But in Uganda, environmental activists don’t have much space to mobilise and engage in actions such as protests that are needed to create pressure. On October 4, at least nine students were arrested on their way to the European Union (EU) offices to protest the Uganda-Tanzania oil pipeline project. The students were part of a larger group that carried placards, calling on French energy giant TotalEnergies to “Stop EACOP” as they marched through the city.
TotalEnergies argues that the project addresses pressing energy needs.
“During this transition phase, in which TotalEnergies is fully engaged, the world still needs oil and reasonably priced oil, now and for a few years to come. This is the very purpose of the project, which provides for oil production over 20 years. More than anything, the energy transition is about social acceptability,” according to TotalEnergies.
“Uganda is a sovereign state that made a strategic decision to exploit its natural resources. Whether with TotalEnergies or another company, Uganda will tap into its resources. To stop Uganda from exploiting its natural resources in order to develop as a country on the grounds that we, as Europeans, have over-polluted or are over-polluting could be regarded as paternalistic, cynical, and selfish to the say least.”
The French multi-energy company says it does not intend to just produce Ugandan oil, but also to be a major player in renewable energy in Uganda and to meet the local population’s vital everyday needs through measures like electrification and access to water.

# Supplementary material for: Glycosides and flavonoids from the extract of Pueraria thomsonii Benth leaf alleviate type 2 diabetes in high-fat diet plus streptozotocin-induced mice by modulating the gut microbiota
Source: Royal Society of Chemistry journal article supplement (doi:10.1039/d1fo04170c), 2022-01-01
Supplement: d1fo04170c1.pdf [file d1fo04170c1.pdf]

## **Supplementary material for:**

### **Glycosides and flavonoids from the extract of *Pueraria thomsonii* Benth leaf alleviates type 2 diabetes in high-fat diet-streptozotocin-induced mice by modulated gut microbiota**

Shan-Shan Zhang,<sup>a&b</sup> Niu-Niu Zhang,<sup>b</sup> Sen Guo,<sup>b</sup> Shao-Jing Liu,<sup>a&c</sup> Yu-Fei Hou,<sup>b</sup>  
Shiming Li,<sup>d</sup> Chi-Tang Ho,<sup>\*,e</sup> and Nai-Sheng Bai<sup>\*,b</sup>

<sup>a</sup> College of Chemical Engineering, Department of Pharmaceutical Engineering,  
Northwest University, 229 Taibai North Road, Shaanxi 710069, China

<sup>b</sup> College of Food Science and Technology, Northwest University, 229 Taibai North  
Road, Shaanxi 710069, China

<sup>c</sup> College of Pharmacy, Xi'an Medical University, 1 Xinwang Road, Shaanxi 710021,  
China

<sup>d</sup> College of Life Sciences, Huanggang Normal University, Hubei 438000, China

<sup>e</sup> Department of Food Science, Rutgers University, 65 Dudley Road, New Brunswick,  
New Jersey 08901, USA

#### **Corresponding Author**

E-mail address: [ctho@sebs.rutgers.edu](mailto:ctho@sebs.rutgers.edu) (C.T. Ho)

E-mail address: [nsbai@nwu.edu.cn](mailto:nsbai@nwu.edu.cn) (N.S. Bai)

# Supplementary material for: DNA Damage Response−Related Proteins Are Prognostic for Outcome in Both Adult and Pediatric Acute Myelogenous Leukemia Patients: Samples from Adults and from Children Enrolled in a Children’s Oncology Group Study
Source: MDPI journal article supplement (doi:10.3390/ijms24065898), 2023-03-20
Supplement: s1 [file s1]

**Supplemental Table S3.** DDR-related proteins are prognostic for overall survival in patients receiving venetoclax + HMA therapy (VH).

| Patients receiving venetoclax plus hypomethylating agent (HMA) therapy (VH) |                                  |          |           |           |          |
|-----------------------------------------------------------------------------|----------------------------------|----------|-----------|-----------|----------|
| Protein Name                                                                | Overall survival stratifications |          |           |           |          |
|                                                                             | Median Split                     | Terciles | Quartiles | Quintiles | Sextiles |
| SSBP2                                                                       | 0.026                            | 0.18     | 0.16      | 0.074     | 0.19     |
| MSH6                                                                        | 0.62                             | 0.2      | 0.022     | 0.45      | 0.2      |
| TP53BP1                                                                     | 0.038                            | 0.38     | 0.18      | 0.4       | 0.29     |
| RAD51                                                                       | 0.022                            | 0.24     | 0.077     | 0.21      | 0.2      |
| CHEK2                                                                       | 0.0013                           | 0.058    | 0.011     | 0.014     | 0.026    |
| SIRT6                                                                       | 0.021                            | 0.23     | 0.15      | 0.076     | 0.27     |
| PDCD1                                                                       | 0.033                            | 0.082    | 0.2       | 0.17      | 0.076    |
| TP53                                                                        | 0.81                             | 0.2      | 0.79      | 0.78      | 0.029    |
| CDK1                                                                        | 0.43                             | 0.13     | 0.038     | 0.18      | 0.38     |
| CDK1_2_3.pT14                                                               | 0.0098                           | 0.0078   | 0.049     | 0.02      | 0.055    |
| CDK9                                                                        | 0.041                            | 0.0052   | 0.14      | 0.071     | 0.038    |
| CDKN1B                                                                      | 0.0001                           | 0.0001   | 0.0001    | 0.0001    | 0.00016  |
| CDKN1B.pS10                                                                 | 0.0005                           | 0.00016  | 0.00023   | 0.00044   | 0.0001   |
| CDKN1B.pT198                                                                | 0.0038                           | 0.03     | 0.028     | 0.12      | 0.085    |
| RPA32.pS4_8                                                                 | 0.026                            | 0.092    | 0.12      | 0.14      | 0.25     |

Total Energies is leading the EACOP, with a 62% shareholding, followed by Uganda National Oil Company and Tanzania Petroleum Development Company with 15% each, and China National Offshore Oil Corporation with a 8% shareholding, according to Climate Tracker. With EACOP expected to pump 216,000 barrels of oil per day from new oil fields in Uganda, a country at the frontline of the climate crisis.
The UN has already said coal, oil and gas – are by far the largest contributor to global climate change, accounting for over 75% of global greenhouse gas emissions and nearly 90% of all carbon dioxide emissions. As greenhouse gas emissions blanket the Earth, they trap the sun’s heat. The UN has repeatedly called for divestment from fossil fuels as the impact of the climate crisis becomes increasingly dire around the world, but more so in Africa, where countries contribute least to the current emergency.
Tanzania and Uganda’s governments have been accused of ignoring environmental concerns and lacking transparency, with warnings of polluting lakes and rivers and destroying invaluable biodiversity. In 2021, an alliance of over 260 African and international environmental and human rights organisations claimed another win when some international banks indicated opting out of funding the project, Climate Tracker reports. Then in March 2022, a group of activists met Pope Francis at the Vatican to ask for his support to stop the construction of the EACOP.
It is not clear whether in the near future, the stakeholders listen to the UN’s dire warning and stop the oil pipeline. However, for now it seems the project is forging ahead, with or without the approval of the UN.
The 2022 United Nations Climate Change Conference, more commonly referred to COP27 or Conference of the Parties of the United Nations Framework Convention on Climate Change (UNFCCC), kicks off on November 6, and how to balance economic development as well as fight climate change is set to dominate discussions in Sharm El Sheikh, Egypt.